Review: Exit Through the Gift Shop (2010)

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Directed by: Banksy
Starring: Banksy, Rhys Ifans, Thierry Guetta

Ever since the hip-hop culture of the 1970s, “street art” has continued to make a lasting impact on the art world as a whole, spawning countless (and mostly faceless) individuals who quite literally risk their lives to both establish a name for themselves and make sure their artistic intentions are fully realized by those who matter the most. For the past decade, there’s a chance you couldn’t even utter the word “graffiti” without someone mentioning the almighty and infinitely mysterious Banksy. Never once making a public appearance and hiding his identity from even his fellow street artists, it’s easy to realize how big a deal anything with his name tied to it outside of an artwork really is, Exit Through the Gift Shop especially. Originally meant to document what had never been documented before, French “filmmaker” Thierry Guetta set out to capture what would assuredly turn the art world upside down, that is, until Banksy took it upon himself to make a film about Guetta instead, with surprising results.

Exit Through the Gift Shop is essentially two films rolled into one bizarre masterpiece. While the first two-thirds of this so-called documentary sets out to chronicle one Thierry Guetta and his desire to film just about everything he sees, street art and its avid practitioners notably, the latter act essentially turns into a full-out commentary on what should be recognized as true art and what most definitely shouldn’t, but in the most subtly humorous way possible. As for the former, the footage Guetta compiled over his years and years of following renowned artists such as Invader, Shepard Fairey and even Banksy himself really does offer some tremendously valuable insight into the creative thought process each supports, how important art is to them on a personal level and how immensely popular street art’s become.

While just about all of the footage in question is fascinating in its own right, anything that showcases Banksy and Banksy alone is essentially what I found most engrossing about the entire production. Seeing as how actual interviews with the man, let alone filmed instances of him physically plastering his work up in cities around the world are incredibly scarce, one would naturally share sentiments similar to my own providing you’re relatively in touch with the art world. As entertaining as these sequences are though and despite Banksy’s (mostly) valid reasoning behind letting someone as out of touch as Guetta be the first to do something this extraordinary, it all merely serves as a setup for the underlying message our fabled director conveys via Exit Through the Gift Shop‘s puzzling and hilarious final act.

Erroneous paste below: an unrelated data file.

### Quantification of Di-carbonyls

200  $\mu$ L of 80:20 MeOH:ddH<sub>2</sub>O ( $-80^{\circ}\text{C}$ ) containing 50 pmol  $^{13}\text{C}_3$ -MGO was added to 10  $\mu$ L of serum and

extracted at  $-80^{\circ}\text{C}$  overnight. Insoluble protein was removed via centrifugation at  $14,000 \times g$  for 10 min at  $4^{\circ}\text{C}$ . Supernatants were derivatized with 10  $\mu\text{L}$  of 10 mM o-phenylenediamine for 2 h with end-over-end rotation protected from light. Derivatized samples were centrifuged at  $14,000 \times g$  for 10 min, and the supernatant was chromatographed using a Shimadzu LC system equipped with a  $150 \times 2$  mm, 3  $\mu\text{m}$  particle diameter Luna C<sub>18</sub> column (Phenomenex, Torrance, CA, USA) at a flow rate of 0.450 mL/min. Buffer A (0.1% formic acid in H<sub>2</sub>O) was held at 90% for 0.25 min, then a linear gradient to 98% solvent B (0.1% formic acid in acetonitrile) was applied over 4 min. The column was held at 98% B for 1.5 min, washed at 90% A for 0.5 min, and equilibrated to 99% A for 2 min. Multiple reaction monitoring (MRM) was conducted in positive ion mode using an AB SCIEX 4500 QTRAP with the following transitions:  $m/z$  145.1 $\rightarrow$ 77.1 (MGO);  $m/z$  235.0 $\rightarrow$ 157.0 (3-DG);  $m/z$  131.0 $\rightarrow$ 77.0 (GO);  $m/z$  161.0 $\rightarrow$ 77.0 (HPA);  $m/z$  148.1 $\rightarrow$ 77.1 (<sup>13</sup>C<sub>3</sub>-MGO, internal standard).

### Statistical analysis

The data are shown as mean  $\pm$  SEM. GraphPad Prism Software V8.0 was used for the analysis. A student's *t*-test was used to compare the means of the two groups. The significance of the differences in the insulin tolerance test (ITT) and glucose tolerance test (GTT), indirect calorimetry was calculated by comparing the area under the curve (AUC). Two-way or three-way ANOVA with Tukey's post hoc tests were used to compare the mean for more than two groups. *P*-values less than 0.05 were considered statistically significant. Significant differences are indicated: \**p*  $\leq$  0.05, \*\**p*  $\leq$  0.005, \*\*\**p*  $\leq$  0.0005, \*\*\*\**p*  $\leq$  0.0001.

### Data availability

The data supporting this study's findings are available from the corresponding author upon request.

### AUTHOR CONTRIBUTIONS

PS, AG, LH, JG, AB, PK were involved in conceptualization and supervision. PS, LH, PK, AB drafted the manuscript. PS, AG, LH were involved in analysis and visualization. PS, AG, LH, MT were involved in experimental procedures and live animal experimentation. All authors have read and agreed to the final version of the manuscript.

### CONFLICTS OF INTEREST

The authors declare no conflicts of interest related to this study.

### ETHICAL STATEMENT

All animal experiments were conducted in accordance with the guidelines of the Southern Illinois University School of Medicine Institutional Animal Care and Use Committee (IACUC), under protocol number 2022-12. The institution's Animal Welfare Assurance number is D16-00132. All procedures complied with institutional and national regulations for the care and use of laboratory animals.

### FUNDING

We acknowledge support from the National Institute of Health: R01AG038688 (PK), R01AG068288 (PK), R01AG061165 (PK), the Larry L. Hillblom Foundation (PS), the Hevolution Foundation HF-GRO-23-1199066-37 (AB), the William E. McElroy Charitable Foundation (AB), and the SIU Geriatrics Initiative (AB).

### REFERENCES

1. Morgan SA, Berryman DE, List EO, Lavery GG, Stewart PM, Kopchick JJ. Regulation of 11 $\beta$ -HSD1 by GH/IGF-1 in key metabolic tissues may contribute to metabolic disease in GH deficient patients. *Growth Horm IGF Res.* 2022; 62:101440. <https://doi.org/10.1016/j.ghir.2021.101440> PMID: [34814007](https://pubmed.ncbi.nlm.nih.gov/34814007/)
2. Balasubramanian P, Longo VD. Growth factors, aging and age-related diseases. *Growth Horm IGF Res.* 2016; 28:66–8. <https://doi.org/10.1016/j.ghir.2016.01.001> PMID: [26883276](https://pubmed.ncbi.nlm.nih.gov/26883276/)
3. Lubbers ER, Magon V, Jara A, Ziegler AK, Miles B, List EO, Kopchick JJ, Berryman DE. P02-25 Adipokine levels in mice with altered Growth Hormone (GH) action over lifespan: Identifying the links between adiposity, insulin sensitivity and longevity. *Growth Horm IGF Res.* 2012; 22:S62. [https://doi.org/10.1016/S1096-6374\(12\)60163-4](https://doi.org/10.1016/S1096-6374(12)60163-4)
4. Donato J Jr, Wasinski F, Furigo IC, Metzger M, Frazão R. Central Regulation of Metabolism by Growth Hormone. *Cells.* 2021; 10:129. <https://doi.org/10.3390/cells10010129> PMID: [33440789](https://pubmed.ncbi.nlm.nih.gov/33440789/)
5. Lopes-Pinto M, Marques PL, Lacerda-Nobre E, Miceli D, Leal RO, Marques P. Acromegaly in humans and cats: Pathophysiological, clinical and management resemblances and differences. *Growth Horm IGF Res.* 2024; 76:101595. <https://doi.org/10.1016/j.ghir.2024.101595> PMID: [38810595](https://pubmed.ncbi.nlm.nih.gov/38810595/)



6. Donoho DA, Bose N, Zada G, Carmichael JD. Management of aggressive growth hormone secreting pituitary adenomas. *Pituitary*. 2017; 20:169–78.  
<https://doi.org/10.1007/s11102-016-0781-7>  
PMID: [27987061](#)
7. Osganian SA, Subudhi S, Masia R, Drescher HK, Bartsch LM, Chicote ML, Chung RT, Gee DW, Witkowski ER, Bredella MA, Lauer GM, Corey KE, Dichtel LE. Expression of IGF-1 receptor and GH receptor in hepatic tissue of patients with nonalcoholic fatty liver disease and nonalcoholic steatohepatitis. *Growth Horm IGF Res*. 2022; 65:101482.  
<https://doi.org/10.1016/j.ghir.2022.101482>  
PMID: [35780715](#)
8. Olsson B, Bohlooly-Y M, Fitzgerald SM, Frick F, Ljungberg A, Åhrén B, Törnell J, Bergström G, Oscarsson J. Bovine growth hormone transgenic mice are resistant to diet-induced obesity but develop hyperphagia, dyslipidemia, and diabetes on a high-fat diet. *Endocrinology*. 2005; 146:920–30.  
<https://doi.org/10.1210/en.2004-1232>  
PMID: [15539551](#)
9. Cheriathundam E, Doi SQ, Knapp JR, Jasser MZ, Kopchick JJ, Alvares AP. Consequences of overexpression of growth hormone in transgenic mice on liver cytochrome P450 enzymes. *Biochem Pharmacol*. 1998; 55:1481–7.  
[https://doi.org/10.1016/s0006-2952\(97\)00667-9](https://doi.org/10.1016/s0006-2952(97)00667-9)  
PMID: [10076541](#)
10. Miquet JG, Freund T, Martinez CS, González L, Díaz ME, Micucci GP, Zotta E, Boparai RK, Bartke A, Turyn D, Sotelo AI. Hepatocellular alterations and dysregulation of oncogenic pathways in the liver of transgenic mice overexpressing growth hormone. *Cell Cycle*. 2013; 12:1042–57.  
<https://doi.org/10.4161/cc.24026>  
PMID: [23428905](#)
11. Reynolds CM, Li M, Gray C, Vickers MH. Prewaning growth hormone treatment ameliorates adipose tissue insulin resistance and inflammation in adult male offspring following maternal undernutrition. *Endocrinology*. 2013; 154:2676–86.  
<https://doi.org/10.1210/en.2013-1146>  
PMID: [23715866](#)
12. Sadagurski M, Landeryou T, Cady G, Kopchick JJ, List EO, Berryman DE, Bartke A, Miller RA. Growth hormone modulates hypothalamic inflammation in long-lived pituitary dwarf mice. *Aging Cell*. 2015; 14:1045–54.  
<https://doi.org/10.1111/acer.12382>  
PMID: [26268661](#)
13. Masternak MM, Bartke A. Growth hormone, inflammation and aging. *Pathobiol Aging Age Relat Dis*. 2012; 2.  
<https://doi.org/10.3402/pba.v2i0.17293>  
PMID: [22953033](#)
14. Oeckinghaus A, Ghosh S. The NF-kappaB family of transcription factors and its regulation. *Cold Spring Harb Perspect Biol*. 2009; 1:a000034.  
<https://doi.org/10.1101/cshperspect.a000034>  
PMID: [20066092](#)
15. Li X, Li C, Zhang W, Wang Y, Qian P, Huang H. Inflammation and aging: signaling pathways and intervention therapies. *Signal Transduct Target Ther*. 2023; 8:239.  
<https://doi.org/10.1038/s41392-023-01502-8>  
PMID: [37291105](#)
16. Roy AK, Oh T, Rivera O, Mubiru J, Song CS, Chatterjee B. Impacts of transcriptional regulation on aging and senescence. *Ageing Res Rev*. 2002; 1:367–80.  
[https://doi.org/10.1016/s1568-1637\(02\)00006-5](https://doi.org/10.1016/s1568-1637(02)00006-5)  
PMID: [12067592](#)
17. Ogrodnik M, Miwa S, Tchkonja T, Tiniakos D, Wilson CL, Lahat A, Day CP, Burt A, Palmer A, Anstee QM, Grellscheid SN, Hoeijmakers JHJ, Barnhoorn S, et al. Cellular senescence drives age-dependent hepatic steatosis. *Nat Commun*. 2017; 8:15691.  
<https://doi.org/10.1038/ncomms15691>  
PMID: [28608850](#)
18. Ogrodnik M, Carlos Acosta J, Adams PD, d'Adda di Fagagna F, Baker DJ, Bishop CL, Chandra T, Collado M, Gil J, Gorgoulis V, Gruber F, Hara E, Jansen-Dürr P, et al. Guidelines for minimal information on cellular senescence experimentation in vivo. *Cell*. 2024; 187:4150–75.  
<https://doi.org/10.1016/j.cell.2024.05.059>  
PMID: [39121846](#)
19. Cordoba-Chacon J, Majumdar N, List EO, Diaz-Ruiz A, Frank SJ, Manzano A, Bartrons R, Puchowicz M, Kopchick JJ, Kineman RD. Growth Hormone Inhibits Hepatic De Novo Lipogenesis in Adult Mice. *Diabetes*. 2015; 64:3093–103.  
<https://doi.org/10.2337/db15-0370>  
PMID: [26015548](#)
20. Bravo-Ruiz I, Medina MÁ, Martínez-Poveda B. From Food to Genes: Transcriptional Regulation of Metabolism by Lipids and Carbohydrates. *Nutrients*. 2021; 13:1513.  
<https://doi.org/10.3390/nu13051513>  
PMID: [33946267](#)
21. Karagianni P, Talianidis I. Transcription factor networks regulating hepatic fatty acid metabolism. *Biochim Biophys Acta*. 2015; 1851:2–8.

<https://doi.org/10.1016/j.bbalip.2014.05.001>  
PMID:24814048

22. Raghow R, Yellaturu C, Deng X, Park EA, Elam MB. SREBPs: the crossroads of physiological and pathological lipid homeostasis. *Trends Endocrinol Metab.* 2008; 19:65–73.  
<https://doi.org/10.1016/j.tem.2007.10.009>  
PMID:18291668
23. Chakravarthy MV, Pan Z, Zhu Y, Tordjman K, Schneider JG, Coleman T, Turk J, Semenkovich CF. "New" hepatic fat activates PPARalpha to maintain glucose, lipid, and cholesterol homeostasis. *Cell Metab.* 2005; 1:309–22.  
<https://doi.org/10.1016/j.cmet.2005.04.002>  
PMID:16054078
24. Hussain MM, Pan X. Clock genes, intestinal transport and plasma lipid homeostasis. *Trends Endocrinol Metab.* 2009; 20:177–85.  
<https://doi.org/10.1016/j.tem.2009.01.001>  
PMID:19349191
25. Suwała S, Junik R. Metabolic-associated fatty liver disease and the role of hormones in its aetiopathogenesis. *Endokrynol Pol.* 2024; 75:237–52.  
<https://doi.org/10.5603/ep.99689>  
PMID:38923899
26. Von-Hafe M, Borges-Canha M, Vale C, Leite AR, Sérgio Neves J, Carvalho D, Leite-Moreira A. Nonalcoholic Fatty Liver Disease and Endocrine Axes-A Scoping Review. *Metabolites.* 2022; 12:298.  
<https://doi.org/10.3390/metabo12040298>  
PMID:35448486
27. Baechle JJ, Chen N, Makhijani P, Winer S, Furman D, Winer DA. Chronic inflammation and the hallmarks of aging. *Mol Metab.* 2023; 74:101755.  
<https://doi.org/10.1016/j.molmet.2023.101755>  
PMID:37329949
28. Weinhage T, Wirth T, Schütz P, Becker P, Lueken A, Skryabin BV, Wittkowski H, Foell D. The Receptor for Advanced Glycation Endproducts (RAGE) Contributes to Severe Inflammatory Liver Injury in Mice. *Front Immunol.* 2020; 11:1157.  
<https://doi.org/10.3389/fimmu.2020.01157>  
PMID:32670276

Without giving too much away, this is where the film’s intentions become a tad muddled, but what the shift in focus from actual artist to self-proclaimed artist does is inform of us what art was never supposed to be about: the money. Even though Banksy’s work has been the focus of several heavily publicized exhibitions over the past decade, it’s easy to see that his intentions were to merely let everyone have a glimpse at what he has to offer within the world of modern art by way of expression, garnering a hefty amount of fame in the process. Guetta on the other hand is then perceived as clueless, mindlessly mashing together the styles of famous artists past and present to create something he assumes people will enjoy and subsequently buy at astronomical prices. Relying on the fame of those he once followed, video camera in hand, Guetta seems to care only about how grandiose his garish abomination of a gallery opening will be, thus showing us the difference between a true artist and a resounding fraud that merely appeals to those who don’t know any better.

As both an incredibly in-depth look at the underground world of street art and a statement about what art’s truly all about, Exit Through the Gift Shop is one exemplary piece of filmmaking. Whether or not director Banksy’s intentions were to poke fun at his subject, the film still remains fascinating in all of the areas I’ve outlined, regardless of what one may think of my interpretive ramblings. So, if you’ve ever exhibited any sort of interest in street art, or even just appreciate a solid documentary every now and then, Exit Through the Gift Shop stands tall as a humorous, insightful and all-around wonderful effort that may not appeal to all, but will surely appeal to most.

Rating: 9/10

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One comment on “Review: Exit Through the Gift Shop (2010)

  1. Werd, I would have to agree the film definitely takes a turn in the last third. Funny how you never heard of Guetta until this movie came out, but its described that he was doing the art for awhile. Awesome movie

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